Life hasn’t been fair to Maura (Amy Poehler) and Kate Ellis (Tina Fey). When the sisters learn that their parents Bucky (James Brolin) and Deana (Dianne Wiest) are selling the home that they grew up in it makes them realise that life certainly hasn’t turned out the way it was supposed to for either of them.
Maura hasn’t been in a relationship in a long time and through reliving some of Kate’s memories of their teenage years has realised that she has never really lived at all. Meanwhile Kate who was once the party girl is constantly getting fired and is struggling in her relationship with her daughter. Frustrated with the way things are the two girls decide to live once more by throwing one last party in their family home.
The female members of America’s comedy set have been on fire when it has come to films over the past few years. While the likes of Adam Sandler and Will Ferrell have delivered bomb after bomb the women have produced hit after hit. Films like Bridesmaids and Trainwreck have seen the likes of Kristen Wiig and Amy Schumer become household names right around the world. Now comes Amy Poehler and Tina Fey’s (who bring Maya Rudolph along for the ride) new celluloid baby Sisters. The good news while it is doesn’t exactly reach the heights of some of the other films previously mentioned it certainly works and haves you laughing throughout.
What works about Sisters may completely surprise audiences out there. If you’re expecting a smart comedy like Bridesmaids then keep moving because Sisters is very much the female version of a film like American Pie. Directed by Jason Moore (who brought us Pitch Perfect) and written by long-time Saturday Night Live writer Paula Pell Sisters is all about grown women acting badly and Poehler and Fey just seem to lap it up.
In this politically correct time it is surprising what Sisters gets away with. The jokes range from quips about both male and female genitalia right through to the right and wrong ways to announce Asian names. Of course most of the humour centres on the wild antics of the party guests at Maura and Kate’s party-to-end-all-parties but the film also takes some time to take a look at some more serious things such as the fractured relationship between a mother and a daughter through to people realising that their lives have gone completely off track.
The fact that the party provides most of the laughs is a stroke of comedic genius in itself. While there may be one of two too many sight gags the film keeps you laughing all the time. Thanks not only to the humour delivered by Poehler and Fey but also by Ike Barinholtz (who plays Poehler’s love interest), Bobby Moynihan who plays lovable-drug-fuelled-loser Alex and Maya Rudolph who seems to love playing rejected party guest Brinda. Along with other cameo roles, such as John Leguizamo and John Cena, these smaller characters in the film seem to come together and just deliver laugh and laugh and soon you find yourself barracking for more than just the lead characters. Moore and Pell’s decision to allow this to happen may have been a huge risk but it pays off for them time after time.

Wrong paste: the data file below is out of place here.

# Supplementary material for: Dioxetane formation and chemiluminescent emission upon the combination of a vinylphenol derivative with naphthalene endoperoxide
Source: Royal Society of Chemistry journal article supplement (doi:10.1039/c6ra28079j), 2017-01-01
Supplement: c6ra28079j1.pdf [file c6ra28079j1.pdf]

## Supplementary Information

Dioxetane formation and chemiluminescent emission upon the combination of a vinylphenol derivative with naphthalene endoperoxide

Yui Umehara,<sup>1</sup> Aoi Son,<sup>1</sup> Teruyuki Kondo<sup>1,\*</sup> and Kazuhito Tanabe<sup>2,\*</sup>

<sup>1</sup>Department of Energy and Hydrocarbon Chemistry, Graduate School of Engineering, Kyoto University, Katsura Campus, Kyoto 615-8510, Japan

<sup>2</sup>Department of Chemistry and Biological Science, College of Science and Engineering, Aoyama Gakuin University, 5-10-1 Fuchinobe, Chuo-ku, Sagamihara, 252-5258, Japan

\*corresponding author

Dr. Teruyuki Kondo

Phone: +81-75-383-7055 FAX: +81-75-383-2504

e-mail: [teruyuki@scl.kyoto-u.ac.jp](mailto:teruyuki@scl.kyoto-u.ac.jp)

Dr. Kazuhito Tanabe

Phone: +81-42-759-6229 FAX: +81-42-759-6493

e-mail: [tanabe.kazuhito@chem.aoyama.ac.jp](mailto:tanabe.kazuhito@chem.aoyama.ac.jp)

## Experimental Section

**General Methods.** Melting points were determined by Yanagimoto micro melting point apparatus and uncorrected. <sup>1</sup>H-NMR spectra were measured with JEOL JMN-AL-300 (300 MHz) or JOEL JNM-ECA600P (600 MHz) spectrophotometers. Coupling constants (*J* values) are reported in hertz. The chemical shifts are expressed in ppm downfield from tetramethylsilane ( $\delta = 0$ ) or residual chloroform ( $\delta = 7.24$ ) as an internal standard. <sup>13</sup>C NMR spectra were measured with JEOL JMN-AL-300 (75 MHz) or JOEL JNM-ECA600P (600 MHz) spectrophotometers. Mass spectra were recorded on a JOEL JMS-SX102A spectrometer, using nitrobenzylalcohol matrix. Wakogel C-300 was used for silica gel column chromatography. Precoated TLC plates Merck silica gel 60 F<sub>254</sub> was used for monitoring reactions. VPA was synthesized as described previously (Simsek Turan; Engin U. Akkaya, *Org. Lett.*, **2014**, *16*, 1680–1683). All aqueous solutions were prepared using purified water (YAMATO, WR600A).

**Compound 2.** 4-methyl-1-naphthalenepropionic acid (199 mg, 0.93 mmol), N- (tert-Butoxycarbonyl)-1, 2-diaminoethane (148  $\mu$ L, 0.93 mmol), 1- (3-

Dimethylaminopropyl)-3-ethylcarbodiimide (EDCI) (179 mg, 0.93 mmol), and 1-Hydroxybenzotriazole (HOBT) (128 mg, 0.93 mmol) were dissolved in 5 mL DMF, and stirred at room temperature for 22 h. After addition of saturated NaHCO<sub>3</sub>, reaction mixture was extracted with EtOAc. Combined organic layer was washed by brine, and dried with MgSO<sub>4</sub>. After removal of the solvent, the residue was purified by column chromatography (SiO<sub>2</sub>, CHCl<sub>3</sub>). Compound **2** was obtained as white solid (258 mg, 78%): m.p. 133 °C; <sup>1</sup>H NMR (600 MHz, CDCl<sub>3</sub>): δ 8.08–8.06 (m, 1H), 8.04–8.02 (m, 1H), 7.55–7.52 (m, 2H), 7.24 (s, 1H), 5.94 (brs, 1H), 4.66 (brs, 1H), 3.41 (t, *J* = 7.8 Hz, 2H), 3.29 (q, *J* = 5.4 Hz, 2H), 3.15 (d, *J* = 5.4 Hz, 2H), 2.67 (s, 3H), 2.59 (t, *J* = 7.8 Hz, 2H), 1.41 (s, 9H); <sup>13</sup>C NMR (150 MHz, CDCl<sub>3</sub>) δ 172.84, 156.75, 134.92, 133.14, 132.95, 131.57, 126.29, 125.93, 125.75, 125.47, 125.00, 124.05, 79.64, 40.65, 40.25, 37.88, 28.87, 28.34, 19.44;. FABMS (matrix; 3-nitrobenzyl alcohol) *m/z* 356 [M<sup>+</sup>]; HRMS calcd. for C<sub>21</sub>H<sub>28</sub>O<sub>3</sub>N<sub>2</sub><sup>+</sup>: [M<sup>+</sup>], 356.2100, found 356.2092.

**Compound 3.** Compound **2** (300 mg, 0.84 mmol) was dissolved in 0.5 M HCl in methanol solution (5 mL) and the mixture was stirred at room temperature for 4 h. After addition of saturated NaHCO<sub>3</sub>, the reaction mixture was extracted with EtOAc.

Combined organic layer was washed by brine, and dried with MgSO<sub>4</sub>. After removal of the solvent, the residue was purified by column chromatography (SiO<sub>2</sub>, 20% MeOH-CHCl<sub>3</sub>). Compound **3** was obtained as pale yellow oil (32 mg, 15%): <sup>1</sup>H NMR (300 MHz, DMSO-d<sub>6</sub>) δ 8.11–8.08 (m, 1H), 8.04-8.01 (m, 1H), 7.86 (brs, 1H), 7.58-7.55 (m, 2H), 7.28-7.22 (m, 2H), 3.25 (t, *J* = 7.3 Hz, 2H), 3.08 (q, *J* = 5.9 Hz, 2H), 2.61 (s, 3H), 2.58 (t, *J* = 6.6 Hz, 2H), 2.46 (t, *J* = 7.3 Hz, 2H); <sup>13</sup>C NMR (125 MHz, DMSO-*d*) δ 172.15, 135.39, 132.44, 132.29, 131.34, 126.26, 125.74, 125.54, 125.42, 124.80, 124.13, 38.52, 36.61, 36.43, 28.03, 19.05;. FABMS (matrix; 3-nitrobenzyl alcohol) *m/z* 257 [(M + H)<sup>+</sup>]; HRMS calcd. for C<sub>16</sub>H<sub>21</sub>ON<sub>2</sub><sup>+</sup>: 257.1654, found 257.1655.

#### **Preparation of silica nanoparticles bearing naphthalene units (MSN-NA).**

Of course the stars here though are Poehler and Fey and both just seem to feed off the comedic talent and energy that is around them. However that doesn’t mean that they allow themselves to res on their laurels. No these two work ultra hard as well and while they deliver the laughs that were scripted for them amazingly well you also get the feeling that a lot of this film has been ad-libbed by the pair and that works well as well. While the world may have been concentrating on the new breed of Amy Schumer and co over the past few years it is obvious that Fey and Poehler want to show the world that they are still in the peaks of their career as well.
So many of these party movies fail every year but here Sisters works brilliantly well. While I wouldn’t exactly describe it as a top comedy it does more than enough to keep the laughs coming throughout the film, okay you may even have a couple of laughter explosions during it, and that is more than you can say for a lot of the comedies that are around these days. Even better is the fact that this is some of Poehler and Fey’s finest work and is a must for those that love their brand of comedy.
Director: Jason Moore
Starring: Amy Poehler, Tina Fey, Maya Rudolph
Running Time: 118 mins
Release Date: 12th December, 2015